Tuesday, June 14, 2011

On bridging the macro and micro

One of the goals of this blog has been to explore the interconnectedness of the issues that face us, from war to medicine, food to poverty, law to nature. The problems facing us in each one of these "fields" or "bins" of thought are one and the same, they stem from the same trunk. They are branches connected to the same base, and the morality and ethics that feed any one of these branches are the same morality and ethics that feed the other. Indeed, we cannot tackle any one issue in isolation; that is the sort of reductionism that has lead to the issues and problems facing us. To paraphrase Wendell Berry, we cannot do one thing without doing many things, we cannot undo one thing without undoing many things.

More important to me, however, has been trying to articulate our role and our complicity in the creation of these problems, and to hopefully allow us to be more introspective about our positions in the world, and the power that each and everyone one of our choices, individually, have in either patronising systems of oppression and dominance over nature (and consequently people), or in taking a stand against these systems, and taking them down. Meaningful change can come from nowhere else but from within one's own life. Furthermore, the change on larger scales that we advocate for is a reflection of our willingness to be the models of that change. For example, it is entirely plausible that someone that is willing to give up something like plastic out of sacrifice and respect for the environment cannot envision the world without the existence of plastic. Consequently, when it comes to thinking about what this world ought to look like for everyone, we may have limited our imagination to a world with plastic as a given.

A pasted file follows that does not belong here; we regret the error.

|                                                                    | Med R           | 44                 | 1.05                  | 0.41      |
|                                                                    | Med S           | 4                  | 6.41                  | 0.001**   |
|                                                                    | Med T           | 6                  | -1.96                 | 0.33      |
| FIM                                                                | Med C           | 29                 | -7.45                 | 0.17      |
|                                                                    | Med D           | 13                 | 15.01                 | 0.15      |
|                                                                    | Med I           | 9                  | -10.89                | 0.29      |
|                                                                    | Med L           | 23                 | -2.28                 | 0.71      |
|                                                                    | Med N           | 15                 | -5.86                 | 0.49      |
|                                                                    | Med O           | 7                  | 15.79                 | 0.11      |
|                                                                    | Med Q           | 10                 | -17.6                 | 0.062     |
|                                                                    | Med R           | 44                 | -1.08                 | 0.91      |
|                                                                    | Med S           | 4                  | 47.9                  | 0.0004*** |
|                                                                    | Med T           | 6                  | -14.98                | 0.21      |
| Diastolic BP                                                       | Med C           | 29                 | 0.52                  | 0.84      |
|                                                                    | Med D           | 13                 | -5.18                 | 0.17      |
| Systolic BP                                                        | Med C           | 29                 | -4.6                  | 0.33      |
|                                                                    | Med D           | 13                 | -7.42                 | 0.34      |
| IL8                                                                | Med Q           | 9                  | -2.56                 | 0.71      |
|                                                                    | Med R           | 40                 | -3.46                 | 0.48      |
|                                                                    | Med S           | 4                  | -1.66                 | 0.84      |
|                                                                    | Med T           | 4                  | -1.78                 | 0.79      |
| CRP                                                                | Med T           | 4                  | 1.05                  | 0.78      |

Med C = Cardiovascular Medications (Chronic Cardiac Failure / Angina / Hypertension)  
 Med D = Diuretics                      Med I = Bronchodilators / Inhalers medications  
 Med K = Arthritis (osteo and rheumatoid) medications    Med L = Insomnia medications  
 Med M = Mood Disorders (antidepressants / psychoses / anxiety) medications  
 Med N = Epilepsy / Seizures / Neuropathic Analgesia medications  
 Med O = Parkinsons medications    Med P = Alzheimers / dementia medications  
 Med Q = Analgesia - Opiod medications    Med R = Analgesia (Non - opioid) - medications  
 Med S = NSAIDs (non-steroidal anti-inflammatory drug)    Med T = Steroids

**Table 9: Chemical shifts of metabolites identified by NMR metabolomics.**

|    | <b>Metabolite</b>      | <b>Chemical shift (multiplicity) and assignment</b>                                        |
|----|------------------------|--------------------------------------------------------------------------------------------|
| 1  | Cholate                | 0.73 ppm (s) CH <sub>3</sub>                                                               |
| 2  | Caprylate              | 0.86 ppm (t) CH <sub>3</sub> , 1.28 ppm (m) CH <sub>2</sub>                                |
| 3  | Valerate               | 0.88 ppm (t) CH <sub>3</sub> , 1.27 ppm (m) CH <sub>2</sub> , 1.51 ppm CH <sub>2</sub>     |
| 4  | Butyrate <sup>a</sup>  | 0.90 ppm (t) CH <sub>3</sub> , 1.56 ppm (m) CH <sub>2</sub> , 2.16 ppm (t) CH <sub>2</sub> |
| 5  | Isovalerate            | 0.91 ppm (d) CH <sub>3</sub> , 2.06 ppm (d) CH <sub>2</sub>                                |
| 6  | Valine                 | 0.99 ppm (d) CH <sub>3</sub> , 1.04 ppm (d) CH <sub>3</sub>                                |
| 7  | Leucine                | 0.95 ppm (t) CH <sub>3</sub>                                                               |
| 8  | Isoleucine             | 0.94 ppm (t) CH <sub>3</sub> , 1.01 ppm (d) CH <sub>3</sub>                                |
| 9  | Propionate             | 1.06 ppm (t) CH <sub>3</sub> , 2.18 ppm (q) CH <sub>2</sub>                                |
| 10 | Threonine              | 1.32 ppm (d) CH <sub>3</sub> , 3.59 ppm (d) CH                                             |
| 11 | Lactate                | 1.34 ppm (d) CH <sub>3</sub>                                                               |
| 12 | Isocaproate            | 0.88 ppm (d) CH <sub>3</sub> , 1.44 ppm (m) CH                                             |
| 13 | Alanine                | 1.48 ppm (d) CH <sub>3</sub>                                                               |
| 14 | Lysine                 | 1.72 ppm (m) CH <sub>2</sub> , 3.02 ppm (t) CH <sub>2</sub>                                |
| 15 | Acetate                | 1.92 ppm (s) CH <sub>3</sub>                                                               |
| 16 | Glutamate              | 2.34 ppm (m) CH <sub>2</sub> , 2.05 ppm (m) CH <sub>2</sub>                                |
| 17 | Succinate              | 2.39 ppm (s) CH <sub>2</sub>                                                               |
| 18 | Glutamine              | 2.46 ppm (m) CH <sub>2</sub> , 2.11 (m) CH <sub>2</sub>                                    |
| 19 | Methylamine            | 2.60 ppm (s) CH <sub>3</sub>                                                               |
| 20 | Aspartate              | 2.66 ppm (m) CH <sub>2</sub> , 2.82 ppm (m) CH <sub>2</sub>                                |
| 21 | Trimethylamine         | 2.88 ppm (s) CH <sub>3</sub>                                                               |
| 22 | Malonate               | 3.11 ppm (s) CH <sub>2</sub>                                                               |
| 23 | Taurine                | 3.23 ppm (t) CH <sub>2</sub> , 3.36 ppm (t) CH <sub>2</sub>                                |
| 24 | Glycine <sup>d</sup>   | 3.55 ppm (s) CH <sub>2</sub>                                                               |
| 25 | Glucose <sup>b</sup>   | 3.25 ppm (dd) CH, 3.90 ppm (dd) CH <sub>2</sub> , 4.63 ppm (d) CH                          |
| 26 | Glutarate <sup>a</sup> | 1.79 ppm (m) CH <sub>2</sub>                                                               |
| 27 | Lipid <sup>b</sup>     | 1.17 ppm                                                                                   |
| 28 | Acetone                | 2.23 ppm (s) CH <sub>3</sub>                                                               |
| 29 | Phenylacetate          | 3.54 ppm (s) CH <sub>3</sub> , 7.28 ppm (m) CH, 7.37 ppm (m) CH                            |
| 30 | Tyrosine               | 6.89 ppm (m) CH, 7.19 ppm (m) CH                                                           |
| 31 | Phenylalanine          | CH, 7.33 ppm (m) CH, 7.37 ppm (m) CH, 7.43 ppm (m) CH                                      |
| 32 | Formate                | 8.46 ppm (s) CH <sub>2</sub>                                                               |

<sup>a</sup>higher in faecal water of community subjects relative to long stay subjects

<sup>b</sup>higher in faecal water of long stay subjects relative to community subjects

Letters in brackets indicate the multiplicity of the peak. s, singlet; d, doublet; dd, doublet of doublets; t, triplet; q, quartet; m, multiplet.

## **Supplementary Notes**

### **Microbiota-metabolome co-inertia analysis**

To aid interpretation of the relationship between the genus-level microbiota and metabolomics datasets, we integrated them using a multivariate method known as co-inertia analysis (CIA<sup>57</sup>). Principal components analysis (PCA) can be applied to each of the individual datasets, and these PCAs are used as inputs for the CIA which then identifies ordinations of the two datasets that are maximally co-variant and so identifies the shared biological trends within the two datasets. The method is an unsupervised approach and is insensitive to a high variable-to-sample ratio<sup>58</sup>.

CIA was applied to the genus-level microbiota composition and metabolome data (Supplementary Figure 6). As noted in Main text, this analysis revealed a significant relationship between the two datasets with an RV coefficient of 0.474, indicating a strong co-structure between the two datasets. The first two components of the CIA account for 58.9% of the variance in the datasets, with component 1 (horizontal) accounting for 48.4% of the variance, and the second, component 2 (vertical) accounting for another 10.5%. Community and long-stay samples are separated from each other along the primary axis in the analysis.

Now, as I recognised in a previous post, these issues are complicated, as we are stuck in systems that necessitate ecological degration. These systems are ingrained in our culture and act on scales much larger than our individual lives. Yet, each one of our lives serves as a microcosm for these systems. We form the DNA and RNA of the system, and it is our choices that determine what is commonly accepted and what isn't. In a cell, the DNA and RNA dictate the responses of the cell to stimuli. These cells in turn form the complexity that is our body. While our bodies operate at a scale much larger than our individual cells, it is the choices of the individual cells that determine the overall health of the body. In the same manner, if we, as individuals, lead lives that are healthful and respectful, caring and kind to the environment, there is no way these systems of oppression cannot be taken down. After having talked with a friend yesterday at length about the nature of the writing on the blog, I can see that I haven't continually addressed the "micro" side of issues, which to me is of utmost importance. Introspection on the micro scale is the goal, and I will try to write more consciously toward that end.

1 comment:

  1. I think many problems can be solved with the micro approach and I applaud your efforts on this front. I believe you have done an amazing job addressing an effective micro approach. In regard for the need for a macro approach, I think the of...ten mentioned Jevon's paradox is relevant. Here is an illustration of my concern: let's say 90% of people reduce their impact to nearly nothing. This reduces the demand for energy and resources, which drop their price and like in Jevon's paradox people will find a way to be more wasteful. So if the 10% of people left over decide to use the affordable energy and resources 10 times more, we have ultimately had no net effect. I think if there aren't economic incentives for changing our behavior there will always be the danger of that careless minority exploiting the opportunity to be wasteful.